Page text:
When Ainsley Beaumont, the elderly man who hired her, is murdered, Laura discovers that he has left her a small fortune in his will.  Laura realizes that her employment was much more deliberate than she had imagined and sets out to discover why Ainsley Beaumont hired her in the first place.  (Well, of course, we have a definite clue from the title, but Laura must discover the truth of her situation for herself.)

Some history must be unraveled for Laura to find the answers she needs, and she already has one clue in a partial manuscript that she had discovered in Beaumont's library.  At first it was a matter of general curiosity, but after Beaumont's death, Laura recognizes that the  manuscript has personal significance.

Fiction.  Historical Mystery.  2012. 240 pages.

Saturday, January 14, 2012

:)  So this is what they get up to!

Thanks, Nancy!
Recently watched When Paris Was a Woman, a documentary of the literary and artistic scene in Paris between the two World Wars:

 "Between the World Wars, Paris was the world's artistic capital, attracting cultural titans like Gertrude Stein and others. Through home movies and intimate storytelling, this documentary re-creates the mood of this unique female artistic community."  

One particularly interesting aspect was the information about Shakespeare & Company (the original bookstore opened by Sylvia Beach in 1919, not the later one opened by George Whitman).  Another thing that was interesting was the flourishing of the lesbian community in Paris in the twenties and thirties.  Who'd a thought.

The behavior of James Joyce surprised and disappointed me, but many of the most influential writers of the time found support at Shakespeare & Company and many supported the book store in return.
Two more reviews down, but I still have a few more 2011 books to review and hope to finish them by tomorrow.

Friday, January 13, 2012

The Moon Maze Game by Larry Niven & Steven Barnes

The Moon Maze Game is the third in the Dream Park series.  A detail that I wasn't aware of when I added the book to my library bag.  I have enjoyed previous Larry Niven books, even some he wrote with other authors--not this one, however.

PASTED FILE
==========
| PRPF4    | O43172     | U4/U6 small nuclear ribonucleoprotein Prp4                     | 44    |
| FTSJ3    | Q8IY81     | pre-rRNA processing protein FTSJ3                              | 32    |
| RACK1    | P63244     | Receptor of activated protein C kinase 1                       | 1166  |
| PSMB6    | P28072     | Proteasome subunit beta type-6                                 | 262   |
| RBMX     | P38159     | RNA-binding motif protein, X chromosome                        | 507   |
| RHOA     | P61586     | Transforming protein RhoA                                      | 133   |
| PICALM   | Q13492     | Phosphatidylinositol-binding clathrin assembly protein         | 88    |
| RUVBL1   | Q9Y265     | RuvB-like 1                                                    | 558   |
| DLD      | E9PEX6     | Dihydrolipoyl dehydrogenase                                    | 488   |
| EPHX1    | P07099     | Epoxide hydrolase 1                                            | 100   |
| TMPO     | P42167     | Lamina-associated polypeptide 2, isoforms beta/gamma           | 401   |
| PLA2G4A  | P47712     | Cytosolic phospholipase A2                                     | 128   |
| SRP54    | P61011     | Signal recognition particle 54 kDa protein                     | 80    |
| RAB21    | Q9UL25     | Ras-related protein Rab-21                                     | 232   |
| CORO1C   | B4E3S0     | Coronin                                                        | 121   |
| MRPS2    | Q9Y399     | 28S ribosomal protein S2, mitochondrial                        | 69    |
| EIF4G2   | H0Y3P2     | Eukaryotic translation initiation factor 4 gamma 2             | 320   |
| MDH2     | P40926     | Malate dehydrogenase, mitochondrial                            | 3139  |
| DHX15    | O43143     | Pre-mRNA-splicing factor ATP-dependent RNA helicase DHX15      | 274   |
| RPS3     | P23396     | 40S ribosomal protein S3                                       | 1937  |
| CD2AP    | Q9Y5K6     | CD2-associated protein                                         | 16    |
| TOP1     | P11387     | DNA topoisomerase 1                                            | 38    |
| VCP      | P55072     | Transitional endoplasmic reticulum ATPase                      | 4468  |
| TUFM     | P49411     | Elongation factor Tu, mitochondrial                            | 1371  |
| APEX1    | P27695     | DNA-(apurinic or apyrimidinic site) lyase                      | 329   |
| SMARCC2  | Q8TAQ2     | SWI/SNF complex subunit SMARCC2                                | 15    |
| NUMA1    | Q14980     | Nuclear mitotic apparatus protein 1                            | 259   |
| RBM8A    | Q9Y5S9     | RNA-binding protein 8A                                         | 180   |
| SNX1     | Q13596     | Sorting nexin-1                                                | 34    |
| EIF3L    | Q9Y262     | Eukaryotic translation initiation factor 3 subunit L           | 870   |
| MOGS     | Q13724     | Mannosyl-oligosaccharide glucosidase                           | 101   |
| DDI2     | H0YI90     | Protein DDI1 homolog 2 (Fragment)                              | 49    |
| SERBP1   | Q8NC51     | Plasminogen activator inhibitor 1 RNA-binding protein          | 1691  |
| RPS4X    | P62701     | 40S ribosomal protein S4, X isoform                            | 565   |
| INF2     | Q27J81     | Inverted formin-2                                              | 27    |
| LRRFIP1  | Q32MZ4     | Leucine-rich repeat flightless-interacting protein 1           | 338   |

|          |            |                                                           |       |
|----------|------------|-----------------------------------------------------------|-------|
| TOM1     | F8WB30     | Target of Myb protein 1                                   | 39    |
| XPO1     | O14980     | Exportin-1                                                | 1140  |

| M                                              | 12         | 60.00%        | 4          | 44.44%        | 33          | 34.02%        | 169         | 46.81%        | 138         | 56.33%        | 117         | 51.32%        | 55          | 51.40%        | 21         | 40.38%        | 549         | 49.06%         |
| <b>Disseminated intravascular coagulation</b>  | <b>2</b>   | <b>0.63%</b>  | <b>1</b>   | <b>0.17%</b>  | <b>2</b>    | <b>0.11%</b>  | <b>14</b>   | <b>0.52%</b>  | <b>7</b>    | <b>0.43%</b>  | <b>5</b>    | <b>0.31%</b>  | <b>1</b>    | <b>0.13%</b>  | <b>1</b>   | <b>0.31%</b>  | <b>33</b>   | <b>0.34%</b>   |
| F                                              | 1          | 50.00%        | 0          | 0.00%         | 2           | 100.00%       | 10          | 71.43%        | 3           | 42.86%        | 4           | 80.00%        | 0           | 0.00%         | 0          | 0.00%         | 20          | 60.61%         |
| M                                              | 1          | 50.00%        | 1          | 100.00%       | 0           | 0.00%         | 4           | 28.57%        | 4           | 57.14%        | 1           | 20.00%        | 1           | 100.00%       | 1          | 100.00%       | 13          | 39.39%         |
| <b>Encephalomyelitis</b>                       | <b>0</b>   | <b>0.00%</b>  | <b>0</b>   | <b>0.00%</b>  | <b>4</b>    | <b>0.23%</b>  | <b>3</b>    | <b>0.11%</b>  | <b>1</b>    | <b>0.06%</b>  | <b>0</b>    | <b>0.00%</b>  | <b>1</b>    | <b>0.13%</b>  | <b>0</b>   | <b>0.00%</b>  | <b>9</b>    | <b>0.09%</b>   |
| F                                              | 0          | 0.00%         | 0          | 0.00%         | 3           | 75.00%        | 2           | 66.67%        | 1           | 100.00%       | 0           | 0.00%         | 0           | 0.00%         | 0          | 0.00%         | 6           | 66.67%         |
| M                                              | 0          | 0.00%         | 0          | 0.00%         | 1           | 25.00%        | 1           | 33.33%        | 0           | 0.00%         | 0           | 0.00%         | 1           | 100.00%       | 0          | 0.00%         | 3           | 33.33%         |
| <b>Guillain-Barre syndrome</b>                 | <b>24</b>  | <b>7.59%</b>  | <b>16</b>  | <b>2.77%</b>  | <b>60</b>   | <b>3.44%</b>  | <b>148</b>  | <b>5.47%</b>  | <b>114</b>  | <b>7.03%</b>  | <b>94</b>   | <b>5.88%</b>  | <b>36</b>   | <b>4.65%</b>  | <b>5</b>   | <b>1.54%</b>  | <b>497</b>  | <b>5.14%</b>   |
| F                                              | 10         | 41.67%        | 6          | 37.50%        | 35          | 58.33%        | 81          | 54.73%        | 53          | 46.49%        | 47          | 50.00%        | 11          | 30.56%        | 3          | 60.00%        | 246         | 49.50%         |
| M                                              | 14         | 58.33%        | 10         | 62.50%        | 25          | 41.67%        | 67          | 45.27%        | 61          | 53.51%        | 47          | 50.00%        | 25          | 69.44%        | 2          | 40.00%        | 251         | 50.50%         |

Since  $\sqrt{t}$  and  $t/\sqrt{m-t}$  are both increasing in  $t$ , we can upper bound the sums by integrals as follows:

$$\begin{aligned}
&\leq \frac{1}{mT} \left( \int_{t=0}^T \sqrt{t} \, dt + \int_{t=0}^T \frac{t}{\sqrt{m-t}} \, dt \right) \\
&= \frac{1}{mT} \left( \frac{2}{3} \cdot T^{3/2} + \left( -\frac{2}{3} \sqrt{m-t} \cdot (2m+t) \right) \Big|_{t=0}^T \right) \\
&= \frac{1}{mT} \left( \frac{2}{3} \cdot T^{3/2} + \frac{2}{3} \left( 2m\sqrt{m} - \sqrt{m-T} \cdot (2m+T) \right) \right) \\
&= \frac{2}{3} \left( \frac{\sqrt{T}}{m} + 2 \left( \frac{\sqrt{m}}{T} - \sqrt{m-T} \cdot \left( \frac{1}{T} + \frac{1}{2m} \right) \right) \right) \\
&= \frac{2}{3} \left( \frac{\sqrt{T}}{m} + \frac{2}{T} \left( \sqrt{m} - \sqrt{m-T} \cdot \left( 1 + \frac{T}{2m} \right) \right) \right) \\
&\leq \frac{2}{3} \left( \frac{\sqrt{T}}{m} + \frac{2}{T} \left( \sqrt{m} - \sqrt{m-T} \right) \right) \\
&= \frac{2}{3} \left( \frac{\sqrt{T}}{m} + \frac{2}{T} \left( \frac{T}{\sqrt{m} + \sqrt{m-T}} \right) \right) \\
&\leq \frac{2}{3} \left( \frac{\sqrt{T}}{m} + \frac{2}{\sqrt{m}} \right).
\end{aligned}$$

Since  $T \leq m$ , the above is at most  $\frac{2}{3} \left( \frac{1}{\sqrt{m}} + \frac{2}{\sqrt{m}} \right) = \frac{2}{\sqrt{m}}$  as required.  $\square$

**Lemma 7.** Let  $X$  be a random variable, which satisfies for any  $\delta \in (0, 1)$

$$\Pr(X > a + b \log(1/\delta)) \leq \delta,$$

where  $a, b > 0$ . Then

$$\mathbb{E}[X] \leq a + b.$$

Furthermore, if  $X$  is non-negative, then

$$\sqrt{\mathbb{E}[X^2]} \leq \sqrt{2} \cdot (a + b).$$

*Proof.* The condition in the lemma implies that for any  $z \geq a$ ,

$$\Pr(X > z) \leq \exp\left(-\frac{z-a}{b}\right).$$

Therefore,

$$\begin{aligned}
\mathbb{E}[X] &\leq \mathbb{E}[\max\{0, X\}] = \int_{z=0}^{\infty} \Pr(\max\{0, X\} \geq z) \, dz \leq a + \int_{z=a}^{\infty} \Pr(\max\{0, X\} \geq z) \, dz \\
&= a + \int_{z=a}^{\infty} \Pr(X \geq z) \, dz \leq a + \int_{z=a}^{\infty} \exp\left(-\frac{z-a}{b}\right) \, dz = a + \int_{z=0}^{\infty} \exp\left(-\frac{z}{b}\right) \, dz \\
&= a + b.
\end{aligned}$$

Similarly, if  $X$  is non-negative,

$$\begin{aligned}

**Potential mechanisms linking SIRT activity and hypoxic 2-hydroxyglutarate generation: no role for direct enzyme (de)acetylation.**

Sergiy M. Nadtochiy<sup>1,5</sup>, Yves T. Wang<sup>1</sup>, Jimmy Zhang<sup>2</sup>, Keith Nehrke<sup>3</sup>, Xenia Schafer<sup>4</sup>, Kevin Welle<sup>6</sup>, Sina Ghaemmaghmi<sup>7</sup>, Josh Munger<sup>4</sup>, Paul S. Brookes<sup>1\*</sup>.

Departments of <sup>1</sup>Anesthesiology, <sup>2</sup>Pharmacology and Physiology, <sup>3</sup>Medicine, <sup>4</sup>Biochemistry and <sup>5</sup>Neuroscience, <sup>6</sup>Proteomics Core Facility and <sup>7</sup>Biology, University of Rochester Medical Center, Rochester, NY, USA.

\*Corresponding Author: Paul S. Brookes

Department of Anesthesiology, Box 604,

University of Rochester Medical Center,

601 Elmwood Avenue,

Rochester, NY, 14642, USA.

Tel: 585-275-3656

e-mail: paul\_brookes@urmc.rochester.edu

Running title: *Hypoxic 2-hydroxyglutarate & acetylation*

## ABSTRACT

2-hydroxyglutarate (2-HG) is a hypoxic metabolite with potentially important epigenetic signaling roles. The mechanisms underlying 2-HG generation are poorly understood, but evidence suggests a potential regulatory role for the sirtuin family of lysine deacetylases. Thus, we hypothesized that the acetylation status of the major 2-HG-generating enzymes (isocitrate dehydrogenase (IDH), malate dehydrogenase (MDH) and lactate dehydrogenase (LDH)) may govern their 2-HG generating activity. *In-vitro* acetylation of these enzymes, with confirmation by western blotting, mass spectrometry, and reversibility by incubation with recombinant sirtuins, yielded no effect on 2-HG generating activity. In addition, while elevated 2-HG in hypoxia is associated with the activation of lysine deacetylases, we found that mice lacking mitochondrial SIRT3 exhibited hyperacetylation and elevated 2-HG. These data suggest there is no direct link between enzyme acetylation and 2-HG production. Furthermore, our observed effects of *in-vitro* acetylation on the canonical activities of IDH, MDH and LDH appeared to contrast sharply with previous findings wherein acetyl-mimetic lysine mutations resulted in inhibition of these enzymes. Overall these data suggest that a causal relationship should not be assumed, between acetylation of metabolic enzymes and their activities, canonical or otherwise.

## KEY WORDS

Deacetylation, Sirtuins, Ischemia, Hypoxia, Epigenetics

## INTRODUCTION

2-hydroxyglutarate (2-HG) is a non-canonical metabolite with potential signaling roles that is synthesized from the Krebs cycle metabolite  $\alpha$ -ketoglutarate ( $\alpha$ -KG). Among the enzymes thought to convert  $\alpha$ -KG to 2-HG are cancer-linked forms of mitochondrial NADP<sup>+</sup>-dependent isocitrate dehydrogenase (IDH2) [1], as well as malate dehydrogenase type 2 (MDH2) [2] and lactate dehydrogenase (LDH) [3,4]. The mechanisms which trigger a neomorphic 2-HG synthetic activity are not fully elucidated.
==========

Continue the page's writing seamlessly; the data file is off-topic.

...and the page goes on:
The plot centers on live action role playing, as previously described in earlier books in the series.  I don't know if those books were better written and/or had better plots and characterization because I haven't read them.  From the beginning I found the skipping around from the characters on earth and those in the lunar colony a distraction, jumpy in a way that felt unnecessary and lacking in continuity.  From the less than compelling moved into a less than compelling middle and end.

There are almost two plots.  Almost--because the plot about the designer of the game and his goals peters out almost immediately.  The plot about the kidnappers who enter the game setting was supposed to be exciting, but was actually tedious and lacked suspense.

 I would read a little and then put it aside and read another book, then come back to it, but I finally finished it (when I'd run out of other books to read) without ever becoming involved with plot or characters.

Fiction.  Science Fiction.  2011.  368 pages.

Me Before You by JoJo Moyes

Me Before You  was an ARC from Penguin, UK.

I've been unable to find a good way to describe the book, so I'll begin with a product synopsis:

Lou Clark knows lots of things. She knows how many footsteps there are between the bus stop and home. She knows she likes working in The Buttered Bun tea shop and she knows she might not love her boyfriend Patrick.
What Lou doesn't know is she's about to lose her job or that knowing what's coming is what keeps her sane.